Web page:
RZA: The Mastermind

RZA: The Mastermind

True genius excels at making the phenomenal look natural, almost easy. For Robert Diggs, known to many as the RZA of the Wu-Tang Clan, his foresight matched with a borderline maniacal sense of confidence and purpose also made him appear to have precognitive abilities that he used to upend the music business’ contemporary model. And construct a legendary collective in the process.

Lassoing eight (nine if you count Cappadonna) independently minded, inner city-cultivated men with an affinity for dense but lithe lyrics required a Herculean effort. And that’s what he finessed into Wu-Tang Clan’s game-shifting “Protect Ya Neck” single. The song alone — a sparse but hypnotic beat with high caliber verse after verse — was the sweetest of licks that would have most in a homerun trot, but RZA was barely reaching first base.

Just taking a deep dive into the circumstances of that first song into account serves like a blueprint for what was to come. RZA asked his rapping buddies to give him one chance at putting a single out independently and they obliged, certainly with no idea about its ramifications beyond maybe a spin or two on the radio. The group’s name was an homage to the Kung-Fu flicks kids loved to watch and mimic, and was now applied to an East Coast collective of rap superheroes. The team up worthy of a DC or Marvel universe title even had an insignia, the now ubiquitous “W” logo. But they needed a proper recording home to give their buzzing indie single a turbo boost.

Besides being a collective of dope MCs who brought a rejuvenated energy to East Coast Hip-Hop, the Wu-Tang Clan was a brand. Normally, a rap group signs to a label, and that label owns the rights to each member’s solo work. That business model is ripe for exploitation by thirsty execs seeking to tap into a hot group’s clout, but RZA was aware of the potential juggernaut he was concocting and made sure they wouldn’t be financially or culturally taken advantage of. Despite a who’s who of suitors, RZA rolled with the only label, Loud Records, willing to give the Wu the opportunity to take their individual talents elsewhere — and it worked flawlessly.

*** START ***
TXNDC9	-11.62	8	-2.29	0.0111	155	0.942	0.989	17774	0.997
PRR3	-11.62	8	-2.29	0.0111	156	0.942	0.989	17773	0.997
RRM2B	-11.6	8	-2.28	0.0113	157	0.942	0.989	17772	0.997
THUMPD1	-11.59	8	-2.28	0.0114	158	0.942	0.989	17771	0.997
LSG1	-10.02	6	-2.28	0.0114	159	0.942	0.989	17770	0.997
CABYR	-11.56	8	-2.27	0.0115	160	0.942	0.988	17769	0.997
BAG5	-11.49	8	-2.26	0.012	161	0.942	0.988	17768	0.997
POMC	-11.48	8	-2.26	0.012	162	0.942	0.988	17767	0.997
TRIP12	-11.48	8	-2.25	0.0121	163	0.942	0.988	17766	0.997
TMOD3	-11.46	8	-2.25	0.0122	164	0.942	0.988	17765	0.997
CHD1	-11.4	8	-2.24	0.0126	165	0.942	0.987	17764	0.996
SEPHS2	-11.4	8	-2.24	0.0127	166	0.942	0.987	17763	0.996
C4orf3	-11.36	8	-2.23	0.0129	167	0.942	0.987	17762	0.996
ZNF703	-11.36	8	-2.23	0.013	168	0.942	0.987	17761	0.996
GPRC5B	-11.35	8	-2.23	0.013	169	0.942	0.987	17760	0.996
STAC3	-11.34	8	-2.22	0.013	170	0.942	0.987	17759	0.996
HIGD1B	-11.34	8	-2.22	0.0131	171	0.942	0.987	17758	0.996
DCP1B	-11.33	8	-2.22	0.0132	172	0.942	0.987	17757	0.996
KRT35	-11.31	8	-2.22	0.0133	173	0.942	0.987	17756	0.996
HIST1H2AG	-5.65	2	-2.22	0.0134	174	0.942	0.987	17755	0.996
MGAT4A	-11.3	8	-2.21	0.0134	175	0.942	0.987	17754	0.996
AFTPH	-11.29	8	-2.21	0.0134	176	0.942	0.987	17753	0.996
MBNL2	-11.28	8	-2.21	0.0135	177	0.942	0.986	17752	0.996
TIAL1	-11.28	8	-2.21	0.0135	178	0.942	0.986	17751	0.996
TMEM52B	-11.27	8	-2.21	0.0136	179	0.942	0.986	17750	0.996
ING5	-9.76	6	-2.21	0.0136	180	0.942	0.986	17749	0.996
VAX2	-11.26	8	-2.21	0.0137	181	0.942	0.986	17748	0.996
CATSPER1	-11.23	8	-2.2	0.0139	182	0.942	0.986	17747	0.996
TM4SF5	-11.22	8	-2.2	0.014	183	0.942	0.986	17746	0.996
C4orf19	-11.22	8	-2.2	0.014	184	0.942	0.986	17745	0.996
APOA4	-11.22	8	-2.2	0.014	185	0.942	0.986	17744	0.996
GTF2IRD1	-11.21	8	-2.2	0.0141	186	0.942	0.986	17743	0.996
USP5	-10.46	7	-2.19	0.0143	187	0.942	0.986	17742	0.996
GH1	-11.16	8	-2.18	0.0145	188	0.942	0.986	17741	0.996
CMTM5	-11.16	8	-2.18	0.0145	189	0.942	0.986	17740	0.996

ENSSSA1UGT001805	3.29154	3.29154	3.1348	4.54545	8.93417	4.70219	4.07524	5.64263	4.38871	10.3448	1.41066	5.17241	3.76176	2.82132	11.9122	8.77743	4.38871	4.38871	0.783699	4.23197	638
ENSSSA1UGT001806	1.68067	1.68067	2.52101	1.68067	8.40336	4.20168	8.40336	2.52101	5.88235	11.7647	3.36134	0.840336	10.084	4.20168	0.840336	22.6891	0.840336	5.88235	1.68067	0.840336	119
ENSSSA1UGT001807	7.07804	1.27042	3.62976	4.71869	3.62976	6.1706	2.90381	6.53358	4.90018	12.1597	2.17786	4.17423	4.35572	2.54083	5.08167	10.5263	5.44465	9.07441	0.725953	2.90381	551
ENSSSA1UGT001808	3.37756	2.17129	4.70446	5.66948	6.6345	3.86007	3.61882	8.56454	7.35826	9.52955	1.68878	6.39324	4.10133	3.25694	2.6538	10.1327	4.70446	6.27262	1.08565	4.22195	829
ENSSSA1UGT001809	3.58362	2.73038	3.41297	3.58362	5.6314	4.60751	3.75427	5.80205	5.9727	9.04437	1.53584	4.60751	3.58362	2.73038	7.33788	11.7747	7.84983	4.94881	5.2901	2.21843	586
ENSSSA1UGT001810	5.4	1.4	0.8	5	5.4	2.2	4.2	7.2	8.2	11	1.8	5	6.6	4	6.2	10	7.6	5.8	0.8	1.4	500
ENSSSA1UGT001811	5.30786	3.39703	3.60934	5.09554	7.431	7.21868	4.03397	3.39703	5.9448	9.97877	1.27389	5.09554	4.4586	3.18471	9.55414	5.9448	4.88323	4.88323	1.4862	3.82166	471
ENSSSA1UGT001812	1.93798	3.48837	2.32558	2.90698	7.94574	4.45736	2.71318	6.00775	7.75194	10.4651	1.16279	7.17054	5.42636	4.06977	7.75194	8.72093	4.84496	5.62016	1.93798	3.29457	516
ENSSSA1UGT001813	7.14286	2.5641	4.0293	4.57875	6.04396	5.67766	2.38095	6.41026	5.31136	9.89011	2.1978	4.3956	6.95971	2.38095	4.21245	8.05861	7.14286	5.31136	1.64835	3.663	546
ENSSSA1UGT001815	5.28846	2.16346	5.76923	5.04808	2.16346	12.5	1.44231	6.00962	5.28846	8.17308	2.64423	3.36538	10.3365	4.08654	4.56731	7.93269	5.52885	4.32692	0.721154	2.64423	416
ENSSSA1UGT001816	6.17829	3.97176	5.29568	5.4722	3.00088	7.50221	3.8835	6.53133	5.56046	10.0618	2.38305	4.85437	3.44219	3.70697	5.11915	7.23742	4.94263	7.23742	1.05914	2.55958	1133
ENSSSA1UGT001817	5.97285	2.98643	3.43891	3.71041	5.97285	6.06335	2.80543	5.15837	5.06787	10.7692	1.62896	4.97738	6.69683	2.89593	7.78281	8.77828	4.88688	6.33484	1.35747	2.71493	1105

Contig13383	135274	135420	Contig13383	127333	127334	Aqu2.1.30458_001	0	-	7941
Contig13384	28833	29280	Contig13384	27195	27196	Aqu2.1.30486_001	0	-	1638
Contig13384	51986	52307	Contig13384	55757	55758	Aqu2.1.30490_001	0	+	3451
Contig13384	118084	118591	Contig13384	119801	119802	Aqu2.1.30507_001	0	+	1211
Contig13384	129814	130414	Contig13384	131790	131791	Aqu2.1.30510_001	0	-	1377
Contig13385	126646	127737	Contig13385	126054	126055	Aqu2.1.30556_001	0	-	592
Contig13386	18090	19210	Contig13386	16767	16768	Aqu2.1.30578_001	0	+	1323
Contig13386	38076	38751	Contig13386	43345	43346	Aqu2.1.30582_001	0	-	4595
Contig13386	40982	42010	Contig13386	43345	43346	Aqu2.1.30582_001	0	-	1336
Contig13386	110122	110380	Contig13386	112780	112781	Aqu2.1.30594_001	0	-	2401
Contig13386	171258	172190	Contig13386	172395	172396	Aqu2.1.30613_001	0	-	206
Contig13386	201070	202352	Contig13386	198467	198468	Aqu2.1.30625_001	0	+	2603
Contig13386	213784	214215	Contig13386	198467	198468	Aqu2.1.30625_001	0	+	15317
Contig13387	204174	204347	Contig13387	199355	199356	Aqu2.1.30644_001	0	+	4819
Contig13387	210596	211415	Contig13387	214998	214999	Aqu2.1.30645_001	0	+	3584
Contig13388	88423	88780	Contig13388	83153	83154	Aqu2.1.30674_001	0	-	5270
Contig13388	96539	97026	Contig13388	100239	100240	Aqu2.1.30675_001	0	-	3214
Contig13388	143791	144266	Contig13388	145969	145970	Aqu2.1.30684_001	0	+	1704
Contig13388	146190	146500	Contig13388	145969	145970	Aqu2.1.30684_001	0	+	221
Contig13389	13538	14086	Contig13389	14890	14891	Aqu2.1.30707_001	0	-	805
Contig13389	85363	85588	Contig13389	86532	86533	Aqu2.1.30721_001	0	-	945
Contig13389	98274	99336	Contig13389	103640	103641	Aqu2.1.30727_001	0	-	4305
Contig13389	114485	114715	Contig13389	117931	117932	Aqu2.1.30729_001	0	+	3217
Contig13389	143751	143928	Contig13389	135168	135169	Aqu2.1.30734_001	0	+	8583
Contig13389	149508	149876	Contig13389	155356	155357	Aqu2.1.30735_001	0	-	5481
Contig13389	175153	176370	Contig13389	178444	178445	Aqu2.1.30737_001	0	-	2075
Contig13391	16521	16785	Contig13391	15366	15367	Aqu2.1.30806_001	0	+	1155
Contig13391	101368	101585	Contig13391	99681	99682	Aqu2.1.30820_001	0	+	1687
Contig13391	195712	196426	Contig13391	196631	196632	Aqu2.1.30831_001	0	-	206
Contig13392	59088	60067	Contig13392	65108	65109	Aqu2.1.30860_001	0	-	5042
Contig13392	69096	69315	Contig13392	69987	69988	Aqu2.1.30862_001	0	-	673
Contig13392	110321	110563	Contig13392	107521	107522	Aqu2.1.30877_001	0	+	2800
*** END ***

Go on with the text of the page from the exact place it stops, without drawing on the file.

“Protect Ya Neck” would eventually usher in the platinum selling, verified classic album Enter The Wu-Tang Clan: 36 Chambers. The gamble — more like a safe bet — on Loud would pay off, with Wu-Tang Clan spawning numerous solo stars, including Ol’ Dirty Bastard, Method Man, Raekwon and Ghostface Killah.

RZA was the lynchpin and tasked with supplying the beats, and the occasional guest verse, for all the initial solo material. As if it was a daily operation, he was essential to delivering more critically acclaimed albums for his cohorts that included Only Built 4 Cuban Linx… by Chef Raekwon, Iron Man by Ghostface Killah and Return to the 36 Chambers: The Dirty Version by the late, great Ol’ Dirty Bastard.

The aforementioned are just the masterpieces with many more albums, tours, and drama, and even a video game, with RZA at least playing a role in the vicinity if not in the center of the Wu’s maelstrom. It was his will that would get the crew together for group reunions after solo success and just getting older made re-forming like Voltron a tougher task. From street corners to boardrooms, the Wu’s sway gained them access and privileges never seen before by a hip-hop group, first nationally and eventually internationally.

That global recognition also meant avenues opened up even beyond the music. The now famed Chappelle’s Show skit where RZA and his cousin GZA urged people to “diversify their bonds” was a mantra he actually followed. While the core group’s musical output and grip on hip-hop’s fickle attention span stymied, their legend made them a permanent fixture. From clothing (Wu-Wear) to video games to over a handful of record labels to film companies, the RZA’s hustle of flipping the W’s success into a check was stymied only by his imagination, and maybe sleep.

Take a good look back at all of RZA’s accomplishments, and his lengthy résumé is outstanding. After putting an indelible imprint on hip-hop, Bobby Digital planted his flag in Hollywood, scoring and acting in films, and even writing them (The Man With The Iron Fists), too. The term “creative director” is thrown around haphazardly nowadays but it’s an accurate way to encapsulate his various roles and talents.

Not bad for a kid who was born in Brooklyn, and once beat an attempted murder rap in Ohio, before settling in Shaolin (Staten Island) to light a flame to the rap game. On his 50th Born Day, the “gold” anniversary, let’s honor a man who made himself a precious element of hip-hop culture.

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